If you want to go even further down the rabbit hole, at least as the film's title pertains to boxing, Sonny Liston once called the great Muhammad Ali his "million dollar baby" before their 1964 fight. Ali entered the bout as the underdog, and Liston expected upwards of $1.1 million in revenue from the event (he received $367,000), hence the insult. Naturally, the 22-year-old Ali (then going by the name Cassius Clay) won the bout and was declared heavyweight champ of the world. Hey, that sounds familiar!

Hilary Swank developed a serious staph infection

Hilary Swank earned an Oscar for her incredible performance in "Million Dollar Baby," which required an intense training regime for her to pull off. While her dedication impressed trainers, Swank's efforts also led to a grueling infection that could have proved fatal.

"I was about halfway through my training when I got a blister...the size of my palm on the ball of my foot," the actor told Mike Wallace on "60 Minutes." And it was my front foot, the one I have to pivot on. ...So, I popped it. ...I popped it myself. I didn't let it pop on its own, whatever. I popped it on its own. And I did it in the bathtub." The wound was quickly infected with staph bacteria and became painful enough for Swank to rush to the hospital. 

"I couldn't believe the pain," she said. "It was — unbelievable. And I looked down...there were streaks going up my foot. So, I went to the doctor that second. And he looked at me, and he said, 'This is really serious. And if you would have waited two more hours, you would have been in the hospital for three weeks.' And if it gets to your heart, that's it."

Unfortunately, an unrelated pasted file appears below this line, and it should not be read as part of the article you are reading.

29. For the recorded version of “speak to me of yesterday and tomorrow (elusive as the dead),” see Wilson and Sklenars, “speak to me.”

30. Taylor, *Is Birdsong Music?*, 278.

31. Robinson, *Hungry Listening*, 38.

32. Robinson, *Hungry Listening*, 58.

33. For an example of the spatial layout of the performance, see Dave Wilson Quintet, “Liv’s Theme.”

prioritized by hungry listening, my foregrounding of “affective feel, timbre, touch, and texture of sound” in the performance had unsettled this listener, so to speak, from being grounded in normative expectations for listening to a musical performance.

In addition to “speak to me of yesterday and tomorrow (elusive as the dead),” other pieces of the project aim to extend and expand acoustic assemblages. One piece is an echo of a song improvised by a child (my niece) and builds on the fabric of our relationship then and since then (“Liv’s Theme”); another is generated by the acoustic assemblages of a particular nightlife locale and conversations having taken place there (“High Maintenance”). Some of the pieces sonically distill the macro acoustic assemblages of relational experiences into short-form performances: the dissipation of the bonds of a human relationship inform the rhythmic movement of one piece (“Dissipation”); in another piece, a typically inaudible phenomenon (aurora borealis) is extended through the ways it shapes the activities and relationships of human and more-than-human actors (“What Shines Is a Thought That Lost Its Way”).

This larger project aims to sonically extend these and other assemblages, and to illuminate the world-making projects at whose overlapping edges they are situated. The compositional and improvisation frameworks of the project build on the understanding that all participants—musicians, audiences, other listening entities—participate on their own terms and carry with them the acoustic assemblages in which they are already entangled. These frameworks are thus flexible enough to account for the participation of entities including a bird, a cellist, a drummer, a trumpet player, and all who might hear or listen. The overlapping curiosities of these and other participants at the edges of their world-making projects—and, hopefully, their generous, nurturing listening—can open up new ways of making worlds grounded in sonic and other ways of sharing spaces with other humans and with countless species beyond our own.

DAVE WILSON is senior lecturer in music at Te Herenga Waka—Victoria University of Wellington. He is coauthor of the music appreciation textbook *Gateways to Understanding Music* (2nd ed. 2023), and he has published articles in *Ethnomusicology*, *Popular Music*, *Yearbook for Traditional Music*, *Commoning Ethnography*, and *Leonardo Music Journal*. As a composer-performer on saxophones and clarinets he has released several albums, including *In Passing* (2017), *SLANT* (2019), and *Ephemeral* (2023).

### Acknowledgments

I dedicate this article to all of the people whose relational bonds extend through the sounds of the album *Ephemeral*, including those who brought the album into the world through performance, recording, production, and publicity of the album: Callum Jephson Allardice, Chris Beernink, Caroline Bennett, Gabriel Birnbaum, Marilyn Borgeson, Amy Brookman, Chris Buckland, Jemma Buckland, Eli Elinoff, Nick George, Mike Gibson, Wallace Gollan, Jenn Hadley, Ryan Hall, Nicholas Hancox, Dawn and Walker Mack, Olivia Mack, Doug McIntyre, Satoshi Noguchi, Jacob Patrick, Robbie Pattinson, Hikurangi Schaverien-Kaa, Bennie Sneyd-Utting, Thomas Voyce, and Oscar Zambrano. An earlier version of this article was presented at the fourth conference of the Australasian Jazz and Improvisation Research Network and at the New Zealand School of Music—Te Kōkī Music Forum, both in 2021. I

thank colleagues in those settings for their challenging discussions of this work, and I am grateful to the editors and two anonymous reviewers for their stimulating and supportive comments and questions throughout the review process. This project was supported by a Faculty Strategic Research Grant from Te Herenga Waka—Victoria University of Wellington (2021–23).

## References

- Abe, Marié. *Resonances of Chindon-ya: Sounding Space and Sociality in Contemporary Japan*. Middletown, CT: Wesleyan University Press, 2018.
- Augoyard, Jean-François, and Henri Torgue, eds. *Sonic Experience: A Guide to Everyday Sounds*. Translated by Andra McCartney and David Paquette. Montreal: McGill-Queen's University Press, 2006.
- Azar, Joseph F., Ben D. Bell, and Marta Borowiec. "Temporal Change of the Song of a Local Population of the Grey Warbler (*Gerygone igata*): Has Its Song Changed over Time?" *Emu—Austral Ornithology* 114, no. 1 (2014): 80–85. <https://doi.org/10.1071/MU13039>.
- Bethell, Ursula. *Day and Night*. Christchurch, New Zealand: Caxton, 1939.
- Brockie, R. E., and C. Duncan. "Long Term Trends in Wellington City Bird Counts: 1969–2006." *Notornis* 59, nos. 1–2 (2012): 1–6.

Luckily, Swank's doctor caught it in time and allowed the actor to continue training/filming. In fact, she kept the infection a secret from Eastwood and her trainers "because, in the end, that's what happens to boxers."

Eastwood shot the film in 37 days

"Million Dollar Baby" enjoyed a relatively smooth production — once it finally received the green light, that is. As Eastwood recalled during an interview with Charlie Rose, a company called Lakeshore Entertainment had financed the script writing for the film but were only able to pay for half the production cost. Eastwood took the script to Warner Bros. and asked them to participate. "They had looked at the script, but they weren't nuts about it," he said. "They were a little afraid of it." Eventually, the iconic actor/director convinced the studio to fork over half of the production cost and then set out to make the picture.

Shockingly, for a film jam-packed with star power and some fairly complicated boxing sequences, Eastwood was able to wrap production in just over a month — 37 days to be exact. Considering "Million Dollar Baby" went on to garner a number of Academy Awards and over $216 million at the worldwide box office, it's probably fair to say everyone involved went home very happy.